Empire and Others
British Encounters with Indigenous Peoples, 1600-1850
Martin Daunton and Rick Halpern, Editors
"An exciting and rewarding book."—Indigenous Nations Studies
Much has been written about the forging of a British identity in the seventeenth and eighteenth centuries. The process, unconfined to the British Isles, ran across the Irish Sea and Atlantic Ocean and was played out in North America and the Caribbean. The identities of Irish Catholics or Highland Scots who took part in the imperial venture abroad were subject to constant renegotiation. In the process, the indigenous peoples of North America, the Caribbean, the Cape, Australia, and New Zealand were forced to redefine their own identities. Although the encounter was far from equal, it was by no means simple or monolithic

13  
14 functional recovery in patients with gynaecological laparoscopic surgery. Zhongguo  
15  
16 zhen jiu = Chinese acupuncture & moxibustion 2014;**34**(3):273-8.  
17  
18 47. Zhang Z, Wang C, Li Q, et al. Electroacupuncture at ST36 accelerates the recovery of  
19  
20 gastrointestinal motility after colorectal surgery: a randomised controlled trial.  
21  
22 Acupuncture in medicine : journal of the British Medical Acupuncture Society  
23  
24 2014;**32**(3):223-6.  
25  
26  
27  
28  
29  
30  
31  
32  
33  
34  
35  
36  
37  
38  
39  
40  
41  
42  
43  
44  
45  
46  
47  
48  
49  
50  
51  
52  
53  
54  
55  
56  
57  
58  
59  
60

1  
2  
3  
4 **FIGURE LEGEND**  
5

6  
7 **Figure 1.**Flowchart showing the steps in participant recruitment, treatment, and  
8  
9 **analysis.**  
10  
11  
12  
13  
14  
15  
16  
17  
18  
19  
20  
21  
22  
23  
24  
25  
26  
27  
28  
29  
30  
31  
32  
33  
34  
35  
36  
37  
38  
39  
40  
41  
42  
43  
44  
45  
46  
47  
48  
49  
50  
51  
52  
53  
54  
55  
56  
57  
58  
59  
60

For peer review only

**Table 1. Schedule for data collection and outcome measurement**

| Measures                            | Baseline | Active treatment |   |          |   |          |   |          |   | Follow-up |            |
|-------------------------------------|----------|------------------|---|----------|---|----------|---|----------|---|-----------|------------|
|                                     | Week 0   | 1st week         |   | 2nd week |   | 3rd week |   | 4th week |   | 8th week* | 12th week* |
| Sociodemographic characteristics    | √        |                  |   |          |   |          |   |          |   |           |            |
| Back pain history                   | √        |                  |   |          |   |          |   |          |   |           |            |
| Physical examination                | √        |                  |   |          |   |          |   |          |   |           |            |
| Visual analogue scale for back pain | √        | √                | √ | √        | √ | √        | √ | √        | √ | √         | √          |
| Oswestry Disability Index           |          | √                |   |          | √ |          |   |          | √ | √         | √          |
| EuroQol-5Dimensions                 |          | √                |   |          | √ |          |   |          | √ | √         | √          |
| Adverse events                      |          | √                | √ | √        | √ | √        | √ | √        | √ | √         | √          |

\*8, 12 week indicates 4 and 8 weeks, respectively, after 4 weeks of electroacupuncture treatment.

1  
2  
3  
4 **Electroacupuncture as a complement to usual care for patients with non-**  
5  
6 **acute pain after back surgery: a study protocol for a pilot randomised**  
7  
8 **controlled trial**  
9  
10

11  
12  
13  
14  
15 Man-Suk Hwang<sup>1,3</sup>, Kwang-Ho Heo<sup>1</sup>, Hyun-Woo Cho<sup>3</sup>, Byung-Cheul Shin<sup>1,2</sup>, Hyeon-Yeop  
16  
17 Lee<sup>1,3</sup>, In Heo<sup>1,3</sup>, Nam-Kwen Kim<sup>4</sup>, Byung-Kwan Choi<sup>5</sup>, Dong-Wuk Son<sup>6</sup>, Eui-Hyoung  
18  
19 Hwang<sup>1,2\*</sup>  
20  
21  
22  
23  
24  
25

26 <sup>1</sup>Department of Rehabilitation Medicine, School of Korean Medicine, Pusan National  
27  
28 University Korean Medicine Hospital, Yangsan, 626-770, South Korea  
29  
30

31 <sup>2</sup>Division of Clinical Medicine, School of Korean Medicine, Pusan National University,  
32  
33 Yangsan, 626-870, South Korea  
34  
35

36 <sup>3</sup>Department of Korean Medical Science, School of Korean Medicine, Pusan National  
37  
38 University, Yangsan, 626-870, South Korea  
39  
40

This collection explores the many complex ways in which identities were forged within Britain and among indigenous peoples through a process of collision and compromise. Contributions from Africa, Australia, and both sides of the Atlantic deal with different aspects of these encounters-for example, "Native Americans and Early Modern Concepts of Race" and "Hunting and the Politics of Masculinity in Cherokee Treaty-making, 1763-1775." Empire and Others provides a valuable study that will be of particular interest to students of Colonial American history and early modern British history.
Contributors to the volume include Philip Morgan, Christopher Bayly, Andrew Porter, Hilary Beckles, and Peter Way.
Martin Daunton is Professor of Economic History at the University of Cambridge. Rick Halpern is Reader in the History of the United States at University College London.